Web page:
Sunday Sermon for September 15, 2013, the Twenty Fourth Sunday in Ordinary Time, Year C

Readings: Ex 32:7-11, 13-14; 1Tim 1:12-17; Lk 15:1-32

In the readings today we are shown a beautiful demonstration of the mercy of God. The Gospel presents us with the Prodigal Son who had done everything that would offend Jewish sensibilities, but when he comes to his senses and returns to his father, he is treated with mercy and restored to his place in the family. The son himself recognizes that he is not worthy of such a dignity, but the father is insistent.

The older son, upon arriving home, is indignant when he hears what the father did for the son who squandered his property. But the father remains firm in his position that the son who was lost has been found, the one who was dead has been brought back to life. For this reason there is cause for celebration. We could consider this parable for the perspective of any one of the characters in the story and we could understand each of them. The father is likened to God, the older son to us who are trying to be faithful, and the younger son also to us, but also to others who strayed from the right path.

I think it is most important to consider this passage from the point of view of the younger son after he is restored to the family. Knowing that he is not worthy to be part of the family, he cannot gloat over the fact that he has returned and not been treated as one of the servants. He cannot expect anything from the father because he had already received his share of the inheritance and wasted it foolishly. He certainly cannot look upon himself with any kind of self-confidence or with any sense of entitlement because he knows from whence he came.

He needs to have a disposition like what we hear from St. Paul in the second reading. He recognizes himself to be the worst of sinners, but he also understands that it is because of this that God was so merciful to him. This understanding leads to a profound sense of gratitude that finds its expression in humility and charity. When one sees himself as the worst, how can he condemn anyone else? When one is the lowest, it is not possible to look down on anyone else.

Knowing the mercy with which he had been treated, St. Paul wanted everyone to know this same mercy in their lives. St. Paul says that it is because he is the foremost of sinners that God was merciful to him so that he could serve as an example. He is not saying that God will only be merciful if you are the worst of sinners. Rather, what he is saying is that if God can be merciful to the worst, consider how much greater is the grace He will bestow on anyone who is not as bad.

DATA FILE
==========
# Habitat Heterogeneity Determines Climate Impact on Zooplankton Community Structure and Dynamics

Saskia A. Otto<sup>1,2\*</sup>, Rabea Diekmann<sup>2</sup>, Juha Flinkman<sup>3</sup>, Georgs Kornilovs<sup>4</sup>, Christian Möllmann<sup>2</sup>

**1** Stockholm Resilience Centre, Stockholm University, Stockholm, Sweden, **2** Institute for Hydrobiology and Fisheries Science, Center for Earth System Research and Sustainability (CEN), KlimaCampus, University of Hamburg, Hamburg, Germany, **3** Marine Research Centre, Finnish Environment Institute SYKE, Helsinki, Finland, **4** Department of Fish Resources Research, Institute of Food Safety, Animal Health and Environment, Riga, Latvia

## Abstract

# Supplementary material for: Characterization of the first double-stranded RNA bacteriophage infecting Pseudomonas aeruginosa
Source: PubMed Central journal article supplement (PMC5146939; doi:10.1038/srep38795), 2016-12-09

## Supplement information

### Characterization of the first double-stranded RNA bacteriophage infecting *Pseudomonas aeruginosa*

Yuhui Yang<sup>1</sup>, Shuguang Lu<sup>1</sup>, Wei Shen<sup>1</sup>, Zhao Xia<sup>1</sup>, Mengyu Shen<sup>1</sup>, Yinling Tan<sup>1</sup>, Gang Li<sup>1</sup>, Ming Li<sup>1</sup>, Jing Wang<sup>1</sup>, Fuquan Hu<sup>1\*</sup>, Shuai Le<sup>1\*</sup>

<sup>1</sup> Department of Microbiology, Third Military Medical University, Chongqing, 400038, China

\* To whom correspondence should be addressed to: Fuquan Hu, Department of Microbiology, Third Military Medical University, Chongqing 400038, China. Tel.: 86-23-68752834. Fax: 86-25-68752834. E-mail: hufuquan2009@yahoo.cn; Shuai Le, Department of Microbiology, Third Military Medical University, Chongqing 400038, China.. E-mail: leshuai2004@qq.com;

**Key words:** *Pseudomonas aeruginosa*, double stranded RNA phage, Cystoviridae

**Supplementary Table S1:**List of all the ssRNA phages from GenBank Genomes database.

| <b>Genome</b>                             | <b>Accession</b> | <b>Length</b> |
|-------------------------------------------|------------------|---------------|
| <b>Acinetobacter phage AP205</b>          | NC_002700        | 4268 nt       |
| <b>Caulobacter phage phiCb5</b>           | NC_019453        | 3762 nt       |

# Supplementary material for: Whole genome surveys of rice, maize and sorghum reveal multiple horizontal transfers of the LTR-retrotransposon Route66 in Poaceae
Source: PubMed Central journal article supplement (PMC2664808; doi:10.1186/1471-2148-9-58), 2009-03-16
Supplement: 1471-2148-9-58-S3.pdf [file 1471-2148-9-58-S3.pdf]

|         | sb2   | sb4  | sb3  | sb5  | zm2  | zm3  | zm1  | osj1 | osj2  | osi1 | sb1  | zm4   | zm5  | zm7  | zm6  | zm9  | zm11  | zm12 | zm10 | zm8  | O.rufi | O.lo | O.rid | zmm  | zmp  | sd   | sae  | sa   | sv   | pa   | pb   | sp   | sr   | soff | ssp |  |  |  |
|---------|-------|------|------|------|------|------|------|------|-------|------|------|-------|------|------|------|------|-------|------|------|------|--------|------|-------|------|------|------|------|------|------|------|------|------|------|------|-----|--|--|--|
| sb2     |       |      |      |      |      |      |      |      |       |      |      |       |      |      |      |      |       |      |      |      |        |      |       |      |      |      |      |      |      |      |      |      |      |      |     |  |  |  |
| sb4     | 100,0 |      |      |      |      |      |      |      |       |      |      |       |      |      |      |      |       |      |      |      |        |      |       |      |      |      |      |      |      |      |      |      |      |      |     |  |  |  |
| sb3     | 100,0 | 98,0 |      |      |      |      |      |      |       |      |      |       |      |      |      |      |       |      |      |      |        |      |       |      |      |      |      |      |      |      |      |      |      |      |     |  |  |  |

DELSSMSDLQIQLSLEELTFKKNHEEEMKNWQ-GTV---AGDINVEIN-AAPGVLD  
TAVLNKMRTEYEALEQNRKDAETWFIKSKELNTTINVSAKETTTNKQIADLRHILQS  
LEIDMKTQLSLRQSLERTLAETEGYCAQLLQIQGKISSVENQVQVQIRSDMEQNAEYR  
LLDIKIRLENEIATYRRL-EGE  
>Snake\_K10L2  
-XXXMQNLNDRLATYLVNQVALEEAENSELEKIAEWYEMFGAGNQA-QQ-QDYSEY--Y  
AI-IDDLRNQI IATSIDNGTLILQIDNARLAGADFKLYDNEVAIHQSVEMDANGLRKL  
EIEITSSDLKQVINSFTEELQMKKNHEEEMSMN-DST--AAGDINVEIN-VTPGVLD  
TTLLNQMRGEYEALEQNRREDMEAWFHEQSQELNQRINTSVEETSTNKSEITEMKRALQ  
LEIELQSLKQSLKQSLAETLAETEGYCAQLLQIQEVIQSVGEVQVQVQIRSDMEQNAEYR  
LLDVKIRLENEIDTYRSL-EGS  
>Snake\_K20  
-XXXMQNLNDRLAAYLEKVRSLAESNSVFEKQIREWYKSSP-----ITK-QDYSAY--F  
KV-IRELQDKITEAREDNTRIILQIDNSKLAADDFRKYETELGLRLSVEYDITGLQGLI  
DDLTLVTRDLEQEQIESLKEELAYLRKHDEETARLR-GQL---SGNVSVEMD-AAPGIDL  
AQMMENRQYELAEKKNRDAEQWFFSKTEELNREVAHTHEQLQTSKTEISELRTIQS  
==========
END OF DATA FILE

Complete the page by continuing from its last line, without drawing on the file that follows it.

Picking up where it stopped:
Like the Prodigal Son, St. Paul had to humbly accept all that was extended to him. He did not think he earned or deserved any of it; he saw it all as a pure gift and he wanted others to know the gift of God given to us in Christ Jesus our Lord. We, too, need to understand that there is nothing we have done to earn or deserve the calling we have received from the Lord. To be a member of Christ is a pure gift and solely and act of mercy. Once we begin to grasp our own unworthiness to be chosen by God, we have to humbly accept God’s mercy, but we also have to want that mercy for others. There is not room for selfishness in the face of love.

Moses demonstrates the type of humility and charity God is looking for in us. Knowing the mercy God had extended to him, Moses intercedes for the people who had become depraved. He did not want them wiped out, but he had a heart full of love for them and he wanted them to experience the mercy he had received some time earlier.

Clearly Moses was not just mouthing words that he spoke only because that is what would be expected. God would have known if he was not sincere. He truly sought the good of the people and rejected the offer of something for himself. Carrying these people was at times a pain for Moses, but his love for them superseded any difficulty or frustration.

We have all been treated with great mercy. This mercy needs to change our hearts so that we will desire mercy for others. We need to have a heart full of love, desiring that others have what we have. Pray for sinners like ourselves, that they will open their hearts to know and to receive the mercy and love of God.

Fr. Altier’s column appears regularly in The Wanderer, a national Catholic weekly published in St. Paul, Minn. For information about subscribing to The Wanderer, please visit